One Chinese yuan bill lying on top of a US dollar bill.

One Chinese yuan bill lying on top of a US dollar bill.Getty Images

  • China’s economy risks falling into a vicious cycle of debt and deflation, said economist Shang-Jin Wei.

  • To avoid that, the central bank could launch an aggressive bond-buying campaign, he wrote in Project Syndicate.

  • While that could also weaken the value of the yuan, “it is a price worth paying,” Wei added.

China’s economy risks falling into a vicious cycle of debt and deflation, but avoiding that trap may require letting the yuan lose value, said economist Shang-Jin Wei.

Writing in Project Syndicate, the former chief economist at the Asian Development Bank noted that consumer prices recently fell into negative territory, and producers have been experiencing deflation for a year. Meanwhile, the public and private sectors have racked up big debts after pandemic-related spending binges and easy-money policies.

“The two Ds are a toxic combination. By increasing the real (inflation-adjusted) value of existing debt, deflation makes it harder for firms to secure additional financing, thereby raising the prospect of bankruptcies – a trend that is already discernible in China,” Wei said. “Moreover, once the combination of debt and deflation becomes entrenched, it can generate a vicious cycle whereby lower demand leads to lower investment, lower output, lower income, and thus even lower demand.”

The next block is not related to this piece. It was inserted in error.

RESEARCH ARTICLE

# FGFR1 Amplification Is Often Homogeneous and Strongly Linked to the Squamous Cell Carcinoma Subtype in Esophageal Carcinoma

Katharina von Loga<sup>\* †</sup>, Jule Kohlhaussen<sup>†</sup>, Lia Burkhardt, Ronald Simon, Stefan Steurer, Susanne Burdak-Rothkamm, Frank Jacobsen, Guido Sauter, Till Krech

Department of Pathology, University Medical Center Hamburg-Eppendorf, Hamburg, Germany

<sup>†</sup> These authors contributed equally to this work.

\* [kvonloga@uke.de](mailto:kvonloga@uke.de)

While Beijing has unveiled a series of steps to try to stimulate the economy, the People’s Bank of China has yet to inject a massive amount of liquidity, he said.

The central bank could embark on a quantitative easing campaign similar to bond-buying sprees that the Federal Reserve and other monetary authorities launched after the 2008 financial crash, he added.

“China needs the ‘whatever it takes’ approach that the European Central Bank pursued a decade ago when it, too, was facing a debt-deflation spiral,” Wei said. “The PBOC should publicly declare a strategy to monetize a big portion of government debt and to incentivize more private-equity investment.”

But aggressive quantitative easing would likely weaken the yuan, which has already lost about 5% against the US dollar over the past year.

That’s a key concern for China’s leadership as further depreciation could lead to more capital flight, Wei said. In fact, Beijing has been scrambling to boost the yuan, while foreign investors dump Chinese stocks at a record pace.

“But if the price of saving the economy from entrenched deflation is a weaker renminbi, it is a price worth paying – and could even serve as a useful adjustment mechanism by boosting foreign demand for Chinese products,” Wei said. “Rather than trying to manage the exchange rate, which would artificially justify an expectation of depreciation, Chinese authorities should leave such adjustments to market forces.”

Read the original article on Business Insider

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